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Jazz Fest: A New Orleans Story


I love music. I love documentaries. So it seemed this documentary was right in my wheelhouse. It doesn’t help that this comes just after seeing the great music documentaries Summer of Soul, as well as ones on Creem Magazine, the Velvet Underground, Beatles (Get Back), Beastie Boys, and Billie Eilish.

Director Frank Marshall did some movies I wasn’t so fond of (Congo, Arachnophobia), but has done some solid music documentaries of late (Carol King & James Taylor, Mr. A & Mr. M, Laurel Canyon, The Journey of Johnny Cash, and The Bee Gees: How Can You Mend A Broken Heart). Yet Marshall and Ryan Suffern made us suffer with what comes off as more of an hour and a half infomercial for the New Orleans Jazz & Heritage Festival. There were times I was watching gumbo being prepared and thinking – you’re spending more time on the food than the incredible Gary Clark, Jr.!

Maybe the filmmakers felt showing it in a cultural context would give it a more Woodstock-esque vibe. Yet you can only watch so many people dancing poorly in tie-dye shirts.

Watching as they went from stage to stage brought back sad memories of how great the San Diego Street Scene was back in the day. Sure, we didn’t have beignets or crawfish kabobs, but we had a great variety of bands. Speaking of which, Jimmy Buffett is featured heavily in this. Now, just as I always made fun of the Utah Jazz for being an NBA team in the least jazzy state in the U.S., Buffett isn’t a name that comes to mind when I think of jazz artists (although it does make a bit more sense when they explain his involvement). Now, B.B. King and Louis Armstrong are shown in brief archival footage from the early days. I would have liked a bit more of them, though.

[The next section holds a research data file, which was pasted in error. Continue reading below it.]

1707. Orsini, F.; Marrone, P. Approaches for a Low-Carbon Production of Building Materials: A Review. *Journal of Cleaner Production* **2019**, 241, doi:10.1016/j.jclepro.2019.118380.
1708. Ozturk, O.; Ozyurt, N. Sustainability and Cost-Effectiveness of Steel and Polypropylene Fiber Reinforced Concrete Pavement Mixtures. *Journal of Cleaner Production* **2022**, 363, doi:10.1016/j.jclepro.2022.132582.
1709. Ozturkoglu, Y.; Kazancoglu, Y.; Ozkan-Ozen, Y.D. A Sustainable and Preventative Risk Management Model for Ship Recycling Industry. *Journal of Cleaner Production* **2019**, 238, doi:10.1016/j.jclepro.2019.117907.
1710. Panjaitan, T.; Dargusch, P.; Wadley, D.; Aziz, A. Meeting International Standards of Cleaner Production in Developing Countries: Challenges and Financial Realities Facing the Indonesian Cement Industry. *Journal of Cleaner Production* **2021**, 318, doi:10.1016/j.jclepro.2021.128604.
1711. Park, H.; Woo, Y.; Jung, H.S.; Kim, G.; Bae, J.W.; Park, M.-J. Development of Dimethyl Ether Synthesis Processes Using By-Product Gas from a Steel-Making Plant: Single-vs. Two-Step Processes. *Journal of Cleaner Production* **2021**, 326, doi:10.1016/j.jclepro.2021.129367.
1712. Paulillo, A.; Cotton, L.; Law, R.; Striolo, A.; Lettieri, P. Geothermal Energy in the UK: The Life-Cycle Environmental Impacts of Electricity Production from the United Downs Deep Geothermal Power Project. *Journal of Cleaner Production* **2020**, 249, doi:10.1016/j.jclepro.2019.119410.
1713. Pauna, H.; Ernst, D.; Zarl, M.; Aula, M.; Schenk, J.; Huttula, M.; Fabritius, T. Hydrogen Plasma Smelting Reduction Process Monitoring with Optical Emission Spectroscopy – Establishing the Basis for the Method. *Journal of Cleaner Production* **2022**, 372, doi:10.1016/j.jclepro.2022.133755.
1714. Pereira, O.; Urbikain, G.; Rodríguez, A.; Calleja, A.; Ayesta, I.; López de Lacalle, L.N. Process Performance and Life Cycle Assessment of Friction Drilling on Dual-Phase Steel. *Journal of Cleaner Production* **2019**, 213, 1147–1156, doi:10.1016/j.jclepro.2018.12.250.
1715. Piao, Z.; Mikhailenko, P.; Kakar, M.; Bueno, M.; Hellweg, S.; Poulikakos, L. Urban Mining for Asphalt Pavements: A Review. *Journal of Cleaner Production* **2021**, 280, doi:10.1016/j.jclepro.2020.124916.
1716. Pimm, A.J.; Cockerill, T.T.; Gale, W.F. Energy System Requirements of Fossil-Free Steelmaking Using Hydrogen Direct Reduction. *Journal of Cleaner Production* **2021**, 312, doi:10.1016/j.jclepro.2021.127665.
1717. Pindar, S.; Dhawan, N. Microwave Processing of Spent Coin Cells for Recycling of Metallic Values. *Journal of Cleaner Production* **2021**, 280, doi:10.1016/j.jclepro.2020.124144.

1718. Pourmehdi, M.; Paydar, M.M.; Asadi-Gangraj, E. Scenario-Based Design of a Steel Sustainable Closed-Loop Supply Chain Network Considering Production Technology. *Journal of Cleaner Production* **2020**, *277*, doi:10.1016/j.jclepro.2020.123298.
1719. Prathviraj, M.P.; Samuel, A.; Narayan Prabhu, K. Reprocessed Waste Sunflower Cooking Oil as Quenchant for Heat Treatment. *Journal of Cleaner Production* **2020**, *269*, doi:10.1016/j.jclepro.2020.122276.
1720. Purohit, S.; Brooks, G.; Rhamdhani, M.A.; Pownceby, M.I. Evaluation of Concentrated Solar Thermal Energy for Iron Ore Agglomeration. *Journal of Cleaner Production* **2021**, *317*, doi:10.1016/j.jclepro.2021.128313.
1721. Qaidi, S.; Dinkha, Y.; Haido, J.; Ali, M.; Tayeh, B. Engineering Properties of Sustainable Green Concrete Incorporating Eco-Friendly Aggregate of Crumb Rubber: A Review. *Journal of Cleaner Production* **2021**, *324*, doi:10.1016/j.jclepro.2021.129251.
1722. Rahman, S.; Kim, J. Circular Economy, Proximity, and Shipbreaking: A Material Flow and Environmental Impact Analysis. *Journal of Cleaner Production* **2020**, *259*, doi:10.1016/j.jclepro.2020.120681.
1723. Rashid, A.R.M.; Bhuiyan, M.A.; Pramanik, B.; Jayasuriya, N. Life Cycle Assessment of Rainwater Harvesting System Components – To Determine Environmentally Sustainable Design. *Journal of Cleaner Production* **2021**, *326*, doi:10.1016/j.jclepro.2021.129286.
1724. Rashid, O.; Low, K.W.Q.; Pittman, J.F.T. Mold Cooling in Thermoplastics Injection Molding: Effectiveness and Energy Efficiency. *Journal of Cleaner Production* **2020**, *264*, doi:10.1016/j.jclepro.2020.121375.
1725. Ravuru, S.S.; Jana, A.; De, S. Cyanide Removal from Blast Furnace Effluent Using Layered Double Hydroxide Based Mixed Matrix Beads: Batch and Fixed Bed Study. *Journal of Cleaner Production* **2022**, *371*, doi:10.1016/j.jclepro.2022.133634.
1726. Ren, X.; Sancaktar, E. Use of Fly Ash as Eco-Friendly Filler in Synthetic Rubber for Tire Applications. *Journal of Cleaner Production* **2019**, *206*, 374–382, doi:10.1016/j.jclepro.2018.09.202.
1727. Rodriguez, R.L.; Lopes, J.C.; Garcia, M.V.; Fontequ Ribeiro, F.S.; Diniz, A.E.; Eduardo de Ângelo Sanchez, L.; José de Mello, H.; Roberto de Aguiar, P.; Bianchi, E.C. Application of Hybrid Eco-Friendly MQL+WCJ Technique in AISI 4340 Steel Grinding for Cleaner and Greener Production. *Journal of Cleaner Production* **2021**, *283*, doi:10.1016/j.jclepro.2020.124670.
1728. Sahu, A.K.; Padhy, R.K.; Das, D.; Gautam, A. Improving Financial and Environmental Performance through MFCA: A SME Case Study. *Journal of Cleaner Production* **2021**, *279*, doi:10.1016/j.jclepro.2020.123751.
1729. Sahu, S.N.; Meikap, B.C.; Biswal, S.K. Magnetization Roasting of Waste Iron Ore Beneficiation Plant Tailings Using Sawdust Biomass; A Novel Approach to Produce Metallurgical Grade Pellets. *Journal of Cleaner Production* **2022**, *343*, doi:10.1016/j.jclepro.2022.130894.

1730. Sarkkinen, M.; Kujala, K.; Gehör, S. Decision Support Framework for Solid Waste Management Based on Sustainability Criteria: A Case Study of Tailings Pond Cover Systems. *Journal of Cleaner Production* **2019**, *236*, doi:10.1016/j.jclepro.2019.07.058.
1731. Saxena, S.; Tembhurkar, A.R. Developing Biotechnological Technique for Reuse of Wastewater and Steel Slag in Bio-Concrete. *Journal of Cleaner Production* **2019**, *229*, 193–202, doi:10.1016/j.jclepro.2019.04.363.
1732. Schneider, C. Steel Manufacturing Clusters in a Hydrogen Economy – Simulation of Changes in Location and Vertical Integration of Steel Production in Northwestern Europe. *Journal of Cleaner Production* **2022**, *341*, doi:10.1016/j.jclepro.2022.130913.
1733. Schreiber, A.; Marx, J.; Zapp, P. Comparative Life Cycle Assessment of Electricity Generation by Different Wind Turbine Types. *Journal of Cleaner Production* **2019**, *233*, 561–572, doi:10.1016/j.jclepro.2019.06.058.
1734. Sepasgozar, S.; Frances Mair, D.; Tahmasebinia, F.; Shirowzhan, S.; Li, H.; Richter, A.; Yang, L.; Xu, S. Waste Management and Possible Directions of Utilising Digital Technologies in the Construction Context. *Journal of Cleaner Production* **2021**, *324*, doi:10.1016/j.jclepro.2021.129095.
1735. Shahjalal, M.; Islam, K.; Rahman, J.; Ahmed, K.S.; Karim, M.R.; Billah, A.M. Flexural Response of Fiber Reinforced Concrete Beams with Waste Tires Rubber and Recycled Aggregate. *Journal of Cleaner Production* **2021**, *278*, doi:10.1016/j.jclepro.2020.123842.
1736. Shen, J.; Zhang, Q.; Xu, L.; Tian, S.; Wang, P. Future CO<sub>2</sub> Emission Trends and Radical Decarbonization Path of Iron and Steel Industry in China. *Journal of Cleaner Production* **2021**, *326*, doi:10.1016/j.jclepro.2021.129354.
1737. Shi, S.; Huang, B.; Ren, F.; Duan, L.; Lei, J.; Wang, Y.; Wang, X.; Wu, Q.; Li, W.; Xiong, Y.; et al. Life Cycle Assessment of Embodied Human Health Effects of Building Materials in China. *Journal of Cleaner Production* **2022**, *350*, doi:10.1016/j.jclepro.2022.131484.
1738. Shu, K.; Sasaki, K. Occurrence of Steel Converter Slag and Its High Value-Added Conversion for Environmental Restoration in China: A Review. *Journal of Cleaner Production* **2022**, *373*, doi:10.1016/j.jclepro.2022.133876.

It’s a bit of fun to see marching bands, or a merry-go-round with a group playing live inside it. Take that, side stages of the Del Mar Fair!

Tom Jones is the biggest talking head involved, and too much time is spent with musicians that aren’t household names.

It was interesting to learn about Quint Davis, a teenager who helped organize the first festival in 1962, and is still involved. Because of Jim Crow, this festival didn’t really get going until the early ‘70s. Its incredible to think this was organized by a Jew, George Wein, that didn’t even live in the Big Easy. The Festival is celebrating it’s 50th Anniversary, and had as expected, a two year pause because of Covid.

Yet there ends up being so much discussed here, the 95 minutes feels like three hours.

After Hurricane Katrina, Bruce Springsteen showed up the following year, and he performed “My City in Ruins.” That was moving.

You’ll get to see many artists, including blues guitarist Sonny Landreth, the Zydeco Hellraisers, and more contemporary artists like Earth, Wind, & Fire, Pitbull and Katy Perry with a full gospel choir.

The concert footage was cool. I loved seeing Al Green and Herbie Hancock.

The segment on the Marsalis family was interesting. It’s a shame that more of this wasn’t interesting or all that informative.

And the closing credits will have Jimmy Buffett, also the executive producer, singing “You Can’t Always Get What You Want.” A non-jazz artist, covering another non-jazz artist.

This music documentary was a missed opportunity.

2 stars out of 5.

Josh Board is a member of the Critics’ Choice Awards and his reviews can be heard on KOGO 600 AM every Friday morning.

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